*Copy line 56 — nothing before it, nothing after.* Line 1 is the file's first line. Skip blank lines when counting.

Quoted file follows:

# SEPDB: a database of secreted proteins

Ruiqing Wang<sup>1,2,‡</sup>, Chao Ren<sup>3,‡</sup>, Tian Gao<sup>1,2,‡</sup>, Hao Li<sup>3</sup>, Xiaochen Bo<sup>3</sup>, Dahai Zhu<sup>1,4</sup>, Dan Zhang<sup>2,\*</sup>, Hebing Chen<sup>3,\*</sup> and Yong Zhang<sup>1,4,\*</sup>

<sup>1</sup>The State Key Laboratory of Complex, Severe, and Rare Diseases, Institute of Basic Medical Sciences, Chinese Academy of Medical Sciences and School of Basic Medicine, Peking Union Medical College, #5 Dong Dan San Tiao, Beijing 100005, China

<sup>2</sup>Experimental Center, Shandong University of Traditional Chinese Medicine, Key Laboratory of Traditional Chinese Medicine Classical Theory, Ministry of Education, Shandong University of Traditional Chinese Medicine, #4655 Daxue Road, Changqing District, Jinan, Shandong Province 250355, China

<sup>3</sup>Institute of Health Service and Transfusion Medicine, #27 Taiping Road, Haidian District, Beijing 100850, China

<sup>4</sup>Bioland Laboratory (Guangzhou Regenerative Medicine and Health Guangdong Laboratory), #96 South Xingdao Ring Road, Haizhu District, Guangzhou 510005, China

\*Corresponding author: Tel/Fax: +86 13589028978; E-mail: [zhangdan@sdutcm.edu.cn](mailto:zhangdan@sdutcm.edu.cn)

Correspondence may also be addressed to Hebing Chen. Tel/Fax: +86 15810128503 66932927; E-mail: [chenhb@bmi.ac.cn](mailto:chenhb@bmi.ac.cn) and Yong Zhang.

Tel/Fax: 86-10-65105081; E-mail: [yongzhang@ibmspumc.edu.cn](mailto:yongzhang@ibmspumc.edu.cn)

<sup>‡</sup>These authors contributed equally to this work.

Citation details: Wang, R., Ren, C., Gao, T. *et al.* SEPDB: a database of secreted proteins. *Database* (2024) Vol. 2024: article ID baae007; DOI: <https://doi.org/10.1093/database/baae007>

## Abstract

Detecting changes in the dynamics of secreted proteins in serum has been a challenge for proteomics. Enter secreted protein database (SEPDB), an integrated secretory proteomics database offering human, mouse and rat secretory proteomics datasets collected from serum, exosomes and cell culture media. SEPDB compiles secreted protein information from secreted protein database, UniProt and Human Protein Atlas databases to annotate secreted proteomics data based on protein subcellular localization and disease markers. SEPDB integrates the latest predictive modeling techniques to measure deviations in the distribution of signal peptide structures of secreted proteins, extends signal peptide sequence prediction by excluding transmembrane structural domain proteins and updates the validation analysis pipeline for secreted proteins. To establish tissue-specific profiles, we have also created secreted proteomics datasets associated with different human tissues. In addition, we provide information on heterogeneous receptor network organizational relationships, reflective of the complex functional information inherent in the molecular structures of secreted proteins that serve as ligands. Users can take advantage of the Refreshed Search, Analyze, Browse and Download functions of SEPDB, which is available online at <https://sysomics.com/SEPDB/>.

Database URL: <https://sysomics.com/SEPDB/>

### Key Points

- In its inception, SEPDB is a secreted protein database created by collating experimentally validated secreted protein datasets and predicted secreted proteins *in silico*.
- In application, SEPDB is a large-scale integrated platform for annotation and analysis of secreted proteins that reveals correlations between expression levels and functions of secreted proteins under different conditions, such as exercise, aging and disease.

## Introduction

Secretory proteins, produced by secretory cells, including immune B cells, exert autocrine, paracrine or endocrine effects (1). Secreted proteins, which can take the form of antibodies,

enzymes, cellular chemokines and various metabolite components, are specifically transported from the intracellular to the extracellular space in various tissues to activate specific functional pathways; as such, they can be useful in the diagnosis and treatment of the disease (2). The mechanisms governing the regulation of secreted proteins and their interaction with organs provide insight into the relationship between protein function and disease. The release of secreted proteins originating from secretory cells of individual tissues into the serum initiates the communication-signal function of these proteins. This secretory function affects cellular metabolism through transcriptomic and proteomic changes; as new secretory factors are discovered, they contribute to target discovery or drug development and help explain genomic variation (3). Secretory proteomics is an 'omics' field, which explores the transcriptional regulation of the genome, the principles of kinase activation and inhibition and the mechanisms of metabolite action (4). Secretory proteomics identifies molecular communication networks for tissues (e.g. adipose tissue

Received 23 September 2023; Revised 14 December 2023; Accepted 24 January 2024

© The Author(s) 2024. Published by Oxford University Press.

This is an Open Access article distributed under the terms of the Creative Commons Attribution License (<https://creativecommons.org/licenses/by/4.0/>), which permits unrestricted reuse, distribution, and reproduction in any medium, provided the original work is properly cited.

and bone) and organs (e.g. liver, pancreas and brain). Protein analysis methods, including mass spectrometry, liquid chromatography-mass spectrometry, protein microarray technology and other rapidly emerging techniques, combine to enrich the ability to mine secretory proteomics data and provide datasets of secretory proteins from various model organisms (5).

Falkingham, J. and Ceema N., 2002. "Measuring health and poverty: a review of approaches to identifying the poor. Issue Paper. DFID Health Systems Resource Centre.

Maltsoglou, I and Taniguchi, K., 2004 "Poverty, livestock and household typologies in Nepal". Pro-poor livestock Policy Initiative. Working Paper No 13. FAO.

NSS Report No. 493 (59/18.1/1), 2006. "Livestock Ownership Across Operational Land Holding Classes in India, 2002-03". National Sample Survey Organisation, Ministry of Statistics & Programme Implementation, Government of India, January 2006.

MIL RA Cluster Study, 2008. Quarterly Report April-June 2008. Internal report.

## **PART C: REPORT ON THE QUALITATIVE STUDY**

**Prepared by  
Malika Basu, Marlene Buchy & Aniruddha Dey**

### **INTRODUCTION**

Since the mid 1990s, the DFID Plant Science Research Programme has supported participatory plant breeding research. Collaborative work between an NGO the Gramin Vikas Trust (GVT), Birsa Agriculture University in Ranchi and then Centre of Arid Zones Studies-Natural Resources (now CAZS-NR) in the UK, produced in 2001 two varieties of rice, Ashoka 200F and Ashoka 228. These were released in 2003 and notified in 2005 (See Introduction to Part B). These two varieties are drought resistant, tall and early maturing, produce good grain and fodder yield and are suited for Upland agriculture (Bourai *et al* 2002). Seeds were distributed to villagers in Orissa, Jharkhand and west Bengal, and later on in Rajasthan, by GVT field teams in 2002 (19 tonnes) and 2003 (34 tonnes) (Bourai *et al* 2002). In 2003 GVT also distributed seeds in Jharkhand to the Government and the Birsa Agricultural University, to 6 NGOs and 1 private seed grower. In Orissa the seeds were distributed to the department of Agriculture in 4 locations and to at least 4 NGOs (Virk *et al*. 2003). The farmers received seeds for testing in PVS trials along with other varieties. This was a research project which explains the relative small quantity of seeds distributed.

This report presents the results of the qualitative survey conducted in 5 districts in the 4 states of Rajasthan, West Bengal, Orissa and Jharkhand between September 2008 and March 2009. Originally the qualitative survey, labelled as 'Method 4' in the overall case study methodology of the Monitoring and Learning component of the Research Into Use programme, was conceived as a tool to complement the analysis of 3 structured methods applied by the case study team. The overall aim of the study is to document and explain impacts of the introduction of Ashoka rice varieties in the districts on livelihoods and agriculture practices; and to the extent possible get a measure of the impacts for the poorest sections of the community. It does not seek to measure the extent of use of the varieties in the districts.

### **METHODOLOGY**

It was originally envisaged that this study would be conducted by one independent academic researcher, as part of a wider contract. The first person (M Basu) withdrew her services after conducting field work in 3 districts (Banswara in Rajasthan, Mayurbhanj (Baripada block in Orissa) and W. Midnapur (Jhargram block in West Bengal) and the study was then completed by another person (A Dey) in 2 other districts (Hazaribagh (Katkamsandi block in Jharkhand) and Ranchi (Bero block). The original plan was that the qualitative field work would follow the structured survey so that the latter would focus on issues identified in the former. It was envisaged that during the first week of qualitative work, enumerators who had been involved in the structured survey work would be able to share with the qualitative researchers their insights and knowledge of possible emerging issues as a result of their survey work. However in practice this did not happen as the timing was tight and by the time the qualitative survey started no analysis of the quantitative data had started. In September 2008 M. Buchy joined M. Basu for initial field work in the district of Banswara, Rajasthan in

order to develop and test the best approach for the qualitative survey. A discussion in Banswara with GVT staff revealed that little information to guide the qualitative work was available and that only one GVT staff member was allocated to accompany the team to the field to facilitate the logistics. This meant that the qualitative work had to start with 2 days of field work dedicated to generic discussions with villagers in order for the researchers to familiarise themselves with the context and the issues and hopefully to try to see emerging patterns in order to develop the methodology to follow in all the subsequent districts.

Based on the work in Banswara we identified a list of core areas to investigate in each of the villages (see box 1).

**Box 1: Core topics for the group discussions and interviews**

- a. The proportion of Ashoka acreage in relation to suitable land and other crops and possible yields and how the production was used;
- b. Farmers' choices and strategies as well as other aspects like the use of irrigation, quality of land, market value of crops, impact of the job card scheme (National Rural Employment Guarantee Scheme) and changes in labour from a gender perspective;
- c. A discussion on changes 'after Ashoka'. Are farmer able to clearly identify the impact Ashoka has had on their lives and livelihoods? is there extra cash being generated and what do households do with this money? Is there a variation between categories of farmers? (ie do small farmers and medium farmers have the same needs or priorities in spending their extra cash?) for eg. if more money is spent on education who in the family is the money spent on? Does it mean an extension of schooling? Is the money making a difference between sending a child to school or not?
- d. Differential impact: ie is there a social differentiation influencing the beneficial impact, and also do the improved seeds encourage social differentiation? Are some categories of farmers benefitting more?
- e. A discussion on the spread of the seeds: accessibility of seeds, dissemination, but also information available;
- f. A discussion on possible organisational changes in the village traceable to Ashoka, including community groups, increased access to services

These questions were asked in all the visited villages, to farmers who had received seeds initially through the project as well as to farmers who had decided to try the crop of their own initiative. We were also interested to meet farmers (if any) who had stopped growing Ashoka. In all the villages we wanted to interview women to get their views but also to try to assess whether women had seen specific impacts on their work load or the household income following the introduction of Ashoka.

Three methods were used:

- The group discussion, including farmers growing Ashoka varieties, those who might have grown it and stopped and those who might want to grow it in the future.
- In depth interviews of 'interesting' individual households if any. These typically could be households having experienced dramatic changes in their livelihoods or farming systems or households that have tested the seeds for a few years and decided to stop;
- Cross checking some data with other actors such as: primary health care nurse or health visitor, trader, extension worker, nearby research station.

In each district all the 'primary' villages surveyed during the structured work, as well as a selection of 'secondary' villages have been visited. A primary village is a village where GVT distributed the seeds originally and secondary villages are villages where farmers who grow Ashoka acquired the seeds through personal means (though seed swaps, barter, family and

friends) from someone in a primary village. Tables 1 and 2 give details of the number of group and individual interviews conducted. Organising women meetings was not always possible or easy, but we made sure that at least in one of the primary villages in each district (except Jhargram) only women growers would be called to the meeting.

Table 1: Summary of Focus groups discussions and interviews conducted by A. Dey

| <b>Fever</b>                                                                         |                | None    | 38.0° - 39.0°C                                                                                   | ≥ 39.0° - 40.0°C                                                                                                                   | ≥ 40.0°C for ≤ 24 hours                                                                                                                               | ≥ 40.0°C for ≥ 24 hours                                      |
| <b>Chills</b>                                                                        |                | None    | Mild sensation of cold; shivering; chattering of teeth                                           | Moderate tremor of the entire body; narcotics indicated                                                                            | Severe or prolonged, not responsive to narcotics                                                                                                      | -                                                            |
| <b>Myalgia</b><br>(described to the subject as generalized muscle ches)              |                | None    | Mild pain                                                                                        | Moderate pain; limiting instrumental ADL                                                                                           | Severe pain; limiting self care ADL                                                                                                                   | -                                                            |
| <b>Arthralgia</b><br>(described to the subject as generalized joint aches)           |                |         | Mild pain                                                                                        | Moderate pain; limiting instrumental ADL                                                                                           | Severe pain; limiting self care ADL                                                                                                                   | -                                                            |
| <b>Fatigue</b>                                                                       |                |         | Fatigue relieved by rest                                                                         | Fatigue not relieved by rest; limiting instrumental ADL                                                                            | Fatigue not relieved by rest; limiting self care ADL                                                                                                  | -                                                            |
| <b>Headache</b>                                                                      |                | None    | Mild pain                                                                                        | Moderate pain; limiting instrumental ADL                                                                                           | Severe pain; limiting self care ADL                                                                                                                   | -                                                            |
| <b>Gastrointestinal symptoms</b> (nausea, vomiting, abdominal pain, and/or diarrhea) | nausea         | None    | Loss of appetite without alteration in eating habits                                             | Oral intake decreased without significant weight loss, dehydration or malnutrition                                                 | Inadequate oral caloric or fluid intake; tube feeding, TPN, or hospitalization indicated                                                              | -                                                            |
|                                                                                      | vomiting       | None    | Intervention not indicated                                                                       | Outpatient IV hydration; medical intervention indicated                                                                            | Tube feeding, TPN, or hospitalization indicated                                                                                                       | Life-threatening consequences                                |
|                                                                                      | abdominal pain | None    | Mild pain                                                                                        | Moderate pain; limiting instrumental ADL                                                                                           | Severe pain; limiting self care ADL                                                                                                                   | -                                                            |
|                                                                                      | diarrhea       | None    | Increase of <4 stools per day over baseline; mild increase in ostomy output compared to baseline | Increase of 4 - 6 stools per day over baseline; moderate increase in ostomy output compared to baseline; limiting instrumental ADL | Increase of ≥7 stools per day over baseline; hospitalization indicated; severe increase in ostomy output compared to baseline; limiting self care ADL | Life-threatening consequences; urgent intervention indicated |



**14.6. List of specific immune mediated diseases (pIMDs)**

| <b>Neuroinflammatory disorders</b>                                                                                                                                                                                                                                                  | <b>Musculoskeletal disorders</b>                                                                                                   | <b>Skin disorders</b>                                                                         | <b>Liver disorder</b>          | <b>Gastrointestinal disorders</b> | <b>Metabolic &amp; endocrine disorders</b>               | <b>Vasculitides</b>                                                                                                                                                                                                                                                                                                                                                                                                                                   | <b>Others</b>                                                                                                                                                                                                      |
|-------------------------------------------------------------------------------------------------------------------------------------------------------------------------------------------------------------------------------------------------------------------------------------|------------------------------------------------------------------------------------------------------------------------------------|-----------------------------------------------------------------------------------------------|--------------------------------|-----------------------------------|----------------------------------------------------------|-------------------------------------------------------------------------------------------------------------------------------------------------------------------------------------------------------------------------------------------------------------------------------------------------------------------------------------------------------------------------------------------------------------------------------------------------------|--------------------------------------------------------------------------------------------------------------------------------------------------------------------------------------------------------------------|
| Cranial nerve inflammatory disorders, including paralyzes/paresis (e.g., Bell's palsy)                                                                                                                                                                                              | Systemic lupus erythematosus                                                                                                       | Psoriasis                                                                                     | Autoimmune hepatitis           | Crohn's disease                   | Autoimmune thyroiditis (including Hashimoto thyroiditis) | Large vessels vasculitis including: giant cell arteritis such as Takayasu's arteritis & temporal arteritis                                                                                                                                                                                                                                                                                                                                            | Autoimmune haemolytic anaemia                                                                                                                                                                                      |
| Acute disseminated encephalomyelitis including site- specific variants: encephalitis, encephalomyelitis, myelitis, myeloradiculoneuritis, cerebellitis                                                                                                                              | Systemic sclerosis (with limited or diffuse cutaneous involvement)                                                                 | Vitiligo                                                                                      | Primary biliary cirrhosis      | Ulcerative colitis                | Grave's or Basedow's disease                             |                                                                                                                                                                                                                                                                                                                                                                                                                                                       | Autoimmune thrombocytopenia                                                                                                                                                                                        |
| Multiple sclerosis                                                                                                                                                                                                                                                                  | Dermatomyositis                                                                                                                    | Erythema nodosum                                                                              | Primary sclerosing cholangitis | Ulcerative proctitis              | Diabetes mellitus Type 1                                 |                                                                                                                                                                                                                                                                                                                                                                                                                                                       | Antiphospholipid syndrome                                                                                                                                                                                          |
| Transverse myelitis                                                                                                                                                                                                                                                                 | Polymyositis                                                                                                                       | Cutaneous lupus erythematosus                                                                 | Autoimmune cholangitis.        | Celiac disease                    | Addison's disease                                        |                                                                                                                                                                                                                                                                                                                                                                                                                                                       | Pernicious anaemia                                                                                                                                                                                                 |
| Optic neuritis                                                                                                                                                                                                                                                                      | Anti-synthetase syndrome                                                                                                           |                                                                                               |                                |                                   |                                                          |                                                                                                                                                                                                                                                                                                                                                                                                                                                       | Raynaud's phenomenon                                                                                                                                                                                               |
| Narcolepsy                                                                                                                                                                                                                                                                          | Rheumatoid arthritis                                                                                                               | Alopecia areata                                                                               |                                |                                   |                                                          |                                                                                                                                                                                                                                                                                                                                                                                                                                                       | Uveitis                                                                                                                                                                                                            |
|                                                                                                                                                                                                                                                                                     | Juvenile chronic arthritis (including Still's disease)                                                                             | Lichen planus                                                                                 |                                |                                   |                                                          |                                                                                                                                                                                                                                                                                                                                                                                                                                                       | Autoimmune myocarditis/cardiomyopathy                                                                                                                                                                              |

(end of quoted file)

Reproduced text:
| <b>Myalgia</b><br>(described to the subject as generalized muscle ches)              |                | None    | Mild pain                                                                                        | Moderate pain; limiting instrumental ADL                                                                                           | Severe pain; limiting self care ADL                                                                                                                   | -                                                            |